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George Washington is the Author of an Eggnog Recipe

Have you ever wondered about the history of eggnog and how humans thought chugging a spiced and spiked egg yolk and milk mixture was a great idea?

Culinary historians debate its exact lineage - However, most agree eggnog originated from the early medieval Britain "posset", a hot, milky, ale-like drink.

By the 13th century, monks were known to drink posset with eggs and figs.

Milk, eggs, and sherry were foods of the wealthy; therefore, eggnog was often used in toasts to prosperity and good health!

How did eggnog become tied to the holidays?

The historic record seems to indicate that eggnog was an aristocratic drink in Great Britain, enjoyed by the upper classes at various times of year. But it was not associated with any particular holiday until after it was brought to America.

One source says it was originally drunk by the British, with brandy and sherry added. Since rum was less expensive in the colonies, whereas brandy was taxed heavily, locals made the switch to spike their beverage with something more affordable.

During the American Revolution, sources of rum dried up. This explains why spiked eggnog became a beverage for occasions, served only at the holidays – because of scarcity during the Revolutionary War, based on reduced trade in the Caribbean.

Mexico adopted the eggnog varietal "rompope," and Puerto Rico has the "coquito," which adds coconut milk.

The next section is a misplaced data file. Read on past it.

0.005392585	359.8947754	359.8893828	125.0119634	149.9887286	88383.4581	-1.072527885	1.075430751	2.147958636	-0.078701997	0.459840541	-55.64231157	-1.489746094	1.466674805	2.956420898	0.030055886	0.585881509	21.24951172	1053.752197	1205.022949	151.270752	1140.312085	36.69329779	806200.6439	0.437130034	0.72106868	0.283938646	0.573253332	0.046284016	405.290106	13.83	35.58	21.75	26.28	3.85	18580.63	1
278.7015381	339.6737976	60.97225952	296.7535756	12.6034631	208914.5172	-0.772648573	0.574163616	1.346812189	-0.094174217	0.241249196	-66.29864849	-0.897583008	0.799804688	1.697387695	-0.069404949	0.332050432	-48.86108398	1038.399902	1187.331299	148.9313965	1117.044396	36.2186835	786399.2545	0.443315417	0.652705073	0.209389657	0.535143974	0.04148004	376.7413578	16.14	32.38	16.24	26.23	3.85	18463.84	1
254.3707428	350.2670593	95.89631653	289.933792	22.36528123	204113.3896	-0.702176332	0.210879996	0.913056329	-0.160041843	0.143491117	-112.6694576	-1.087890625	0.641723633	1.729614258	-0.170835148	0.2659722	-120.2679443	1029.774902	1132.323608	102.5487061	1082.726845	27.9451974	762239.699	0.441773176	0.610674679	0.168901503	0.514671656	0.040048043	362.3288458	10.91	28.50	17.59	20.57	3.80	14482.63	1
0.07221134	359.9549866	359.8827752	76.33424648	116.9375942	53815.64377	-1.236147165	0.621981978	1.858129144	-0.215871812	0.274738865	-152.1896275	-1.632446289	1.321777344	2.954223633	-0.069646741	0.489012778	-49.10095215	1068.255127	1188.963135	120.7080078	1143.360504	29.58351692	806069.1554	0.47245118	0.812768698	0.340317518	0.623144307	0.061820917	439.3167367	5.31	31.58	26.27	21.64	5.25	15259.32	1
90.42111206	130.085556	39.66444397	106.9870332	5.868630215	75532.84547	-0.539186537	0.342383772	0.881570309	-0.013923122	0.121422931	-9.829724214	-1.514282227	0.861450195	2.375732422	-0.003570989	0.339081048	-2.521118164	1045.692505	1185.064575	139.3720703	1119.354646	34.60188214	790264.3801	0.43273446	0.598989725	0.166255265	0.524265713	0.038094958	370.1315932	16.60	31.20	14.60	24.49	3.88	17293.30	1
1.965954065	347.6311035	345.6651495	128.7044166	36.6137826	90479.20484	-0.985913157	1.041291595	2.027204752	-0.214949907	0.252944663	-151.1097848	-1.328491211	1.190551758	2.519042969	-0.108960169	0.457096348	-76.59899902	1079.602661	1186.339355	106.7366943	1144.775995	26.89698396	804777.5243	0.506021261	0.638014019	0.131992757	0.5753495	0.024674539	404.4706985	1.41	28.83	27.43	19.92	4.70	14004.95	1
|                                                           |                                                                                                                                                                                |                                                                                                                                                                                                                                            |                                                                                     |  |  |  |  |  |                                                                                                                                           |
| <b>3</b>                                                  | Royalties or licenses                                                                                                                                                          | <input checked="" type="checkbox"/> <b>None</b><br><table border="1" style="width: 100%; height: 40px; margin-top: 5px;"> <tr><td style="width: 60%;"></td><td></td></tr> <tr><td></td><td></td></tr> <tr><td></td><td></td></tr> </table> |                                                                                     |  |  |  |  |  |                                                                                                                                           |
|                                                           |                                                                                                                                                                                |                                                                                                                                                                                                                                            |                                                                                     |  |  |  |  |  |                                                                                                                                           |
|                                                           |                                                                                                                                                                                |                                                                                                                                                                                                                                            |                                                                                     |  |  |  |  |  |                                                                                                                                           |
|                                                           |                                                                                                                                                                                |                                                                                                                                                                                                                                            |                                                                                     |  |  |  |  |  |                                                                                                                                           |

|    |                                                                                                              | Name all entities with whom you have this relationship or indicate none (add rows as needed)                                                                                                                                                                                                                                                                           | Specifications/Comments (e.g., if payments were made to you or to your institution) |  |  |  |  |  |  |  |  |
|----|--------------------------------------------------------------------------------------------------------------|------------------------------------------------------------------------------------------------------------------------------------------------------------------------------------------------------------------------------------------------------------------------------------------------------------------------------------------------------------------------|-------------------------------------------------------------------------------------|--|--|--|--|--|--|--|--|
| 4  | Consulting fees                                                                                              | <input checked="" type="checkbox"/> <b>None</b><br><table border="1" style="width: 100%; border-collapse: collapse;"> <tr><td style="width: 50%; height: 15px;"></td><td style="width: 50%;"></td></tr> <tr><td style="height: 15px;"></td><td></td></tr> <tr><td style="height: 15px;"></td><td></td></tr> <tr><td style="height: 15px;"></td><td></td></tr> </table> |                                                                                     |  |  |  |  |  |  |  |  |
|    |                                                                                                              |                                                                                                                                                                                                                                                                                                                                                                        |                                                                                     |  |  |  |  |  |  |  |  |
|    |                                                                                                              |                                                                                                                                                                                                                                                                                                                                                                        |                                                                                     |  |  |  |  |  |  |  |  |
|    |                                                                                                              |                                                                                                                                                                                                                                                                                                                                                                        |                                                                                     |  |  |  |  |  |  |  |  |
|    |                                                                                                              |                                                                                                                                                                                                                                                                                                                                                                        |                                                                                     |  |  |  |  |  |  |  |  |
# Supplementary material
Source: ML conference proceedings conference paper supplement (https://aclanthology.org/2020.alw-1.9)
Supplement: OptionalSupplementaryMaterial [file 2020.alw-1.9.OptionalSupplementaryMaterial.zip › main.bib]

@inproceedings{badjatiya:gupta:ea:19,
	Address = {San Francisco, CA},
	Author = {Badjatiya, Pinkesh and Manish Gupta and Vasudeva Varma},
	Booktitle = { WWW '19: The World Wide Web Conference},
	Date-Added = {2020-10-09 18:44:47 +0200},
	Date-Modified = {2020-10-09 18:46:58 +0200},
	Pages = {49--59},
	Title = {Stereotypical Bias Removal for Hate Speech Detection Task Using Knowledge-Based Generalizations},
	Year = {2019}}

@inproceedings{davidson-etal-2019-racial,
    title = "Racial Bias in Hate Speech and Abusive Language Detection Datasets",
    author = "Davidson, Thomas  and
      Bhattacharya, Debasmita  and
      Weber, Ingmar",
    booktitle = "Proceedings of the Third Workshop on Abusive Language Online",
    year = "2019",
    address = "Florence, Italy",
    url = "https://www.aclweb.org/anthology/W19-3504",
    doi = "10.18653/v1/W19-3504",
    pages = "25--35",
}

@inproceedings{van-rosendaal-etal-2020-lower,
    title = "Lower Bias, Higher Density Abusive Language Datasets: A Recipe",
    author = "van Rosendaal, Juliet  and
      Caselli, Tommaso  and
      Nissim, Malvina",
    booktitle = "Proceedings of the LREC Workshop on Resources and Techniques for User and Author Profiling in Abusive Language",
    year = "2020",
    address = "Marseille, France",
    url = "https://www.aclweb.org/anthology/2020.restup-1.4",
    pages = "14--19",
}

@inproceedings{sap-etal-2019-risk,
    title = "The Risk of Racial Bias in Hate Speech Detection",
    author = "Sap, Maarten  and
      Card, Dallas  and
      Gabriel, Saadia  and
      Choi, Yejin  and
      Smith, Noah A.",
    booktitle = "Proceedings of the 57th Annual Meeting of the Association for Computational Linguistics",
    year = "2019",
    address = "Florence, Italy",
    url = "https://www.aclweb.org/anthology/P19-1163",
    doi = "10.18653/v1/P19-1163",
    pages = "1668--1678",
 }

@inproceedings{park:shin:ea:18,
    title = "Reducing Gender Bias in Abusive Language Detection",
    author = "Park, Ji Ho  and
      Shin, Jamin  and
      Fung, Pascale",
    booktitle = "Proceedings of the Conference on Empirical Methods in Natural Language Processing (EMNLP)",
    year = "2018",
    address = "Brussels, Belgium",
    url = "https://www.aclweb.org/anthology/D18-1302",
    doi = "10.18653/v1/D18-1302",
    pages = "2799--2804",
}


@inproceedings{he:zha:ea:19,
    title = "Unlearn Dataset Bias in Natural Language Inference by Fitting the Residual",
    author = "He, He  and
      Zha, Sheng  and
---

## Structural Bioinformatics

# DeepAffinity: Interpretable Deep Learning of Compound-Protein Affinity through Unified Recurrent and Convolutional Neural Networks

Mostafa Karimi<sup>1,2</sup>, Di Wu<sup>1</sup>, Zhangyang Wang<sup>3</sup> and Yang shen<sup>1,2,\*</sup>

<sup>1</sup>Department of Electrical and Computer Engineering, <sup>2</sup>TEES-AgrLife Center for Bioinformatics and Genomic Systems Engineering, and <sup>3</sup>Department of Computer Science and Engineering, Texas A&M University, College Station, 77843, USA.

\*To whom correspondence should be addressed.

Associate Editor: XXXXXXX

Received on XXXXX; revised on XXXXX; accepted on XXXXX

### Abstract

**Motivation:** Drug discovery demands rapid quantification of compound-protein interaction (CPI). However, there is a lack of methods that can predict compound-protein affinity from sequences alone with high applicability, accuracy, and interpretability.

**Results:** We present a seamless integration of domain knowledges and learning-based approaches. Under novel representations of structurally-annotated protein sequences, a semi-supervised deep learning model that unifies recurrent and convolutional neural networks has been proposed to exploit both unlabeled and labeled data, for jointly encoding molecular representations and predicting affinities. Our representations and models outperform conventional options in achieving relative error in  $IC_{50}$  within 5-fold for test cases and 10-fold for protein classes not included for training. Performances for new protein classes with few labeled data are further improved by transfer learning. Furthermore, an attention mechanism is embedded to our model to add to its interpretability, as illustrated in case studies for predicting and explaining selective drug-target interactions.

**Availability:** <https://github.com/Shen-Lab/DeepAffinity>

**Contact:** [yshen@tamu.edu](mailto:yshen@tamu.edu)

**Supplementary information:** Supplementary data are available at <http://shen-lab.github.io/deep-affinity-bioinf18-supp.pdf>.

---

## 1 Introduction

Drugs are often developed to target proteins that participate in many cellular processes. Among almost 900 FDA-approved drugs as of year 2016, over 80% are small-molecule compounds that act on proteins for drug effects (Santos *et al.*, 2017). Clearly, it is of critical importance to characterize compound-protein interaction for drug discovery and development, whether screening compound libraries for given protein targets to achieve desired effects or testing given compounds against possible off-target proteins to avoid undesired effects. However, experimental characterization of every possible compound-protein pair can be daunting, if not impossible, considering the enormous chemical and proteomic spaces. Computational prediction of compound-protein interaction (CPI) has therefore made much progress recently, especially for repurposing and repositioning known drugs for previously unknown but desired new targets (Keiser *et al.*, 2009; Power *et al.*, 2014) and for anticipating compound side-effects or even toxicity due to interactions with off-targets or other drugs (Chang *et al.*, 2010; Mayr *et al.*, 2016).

The English name's origin however remains a mystery! Some say "nog" comes from "noggin," meaning a wooden cup, or "grog" a strong beer.

By the late 18th century, the combined term “eggnog” stuck.

If you aren't a fan of eggnog, you may have simply never tasted the real thing. Sugar-laced supermarket versions don't compare to the homemade goodness! Especially since the US Food and Drug Administration permits that the drink can be made from as little as 1% egg yolk. That seems more like 'milknog' to me!

George Washington penned his own famous heavy-on the-alcohol eggnog recipe, but he never recorded the exact number of eggs - Cooks in his era estimated a dozen would suffice:

Recipe via Time's Website

  • One quart cream

  • One quart milk

  • One dozen tablespoons sugar

  • One pint brandy

  • 1/2 pint rye whiskey

  • 1/2 pint Jamaica rum

  • 1/4 pint sherry

—mix liquor first, then separate yolks and whites of eggs, add sugar to beaten yolks, mix well. Add milk and cream, slowly beating. Beat whites of eggs until stiff and fold slowly into mixture. Let set in cool place for several days. Taste frequently!

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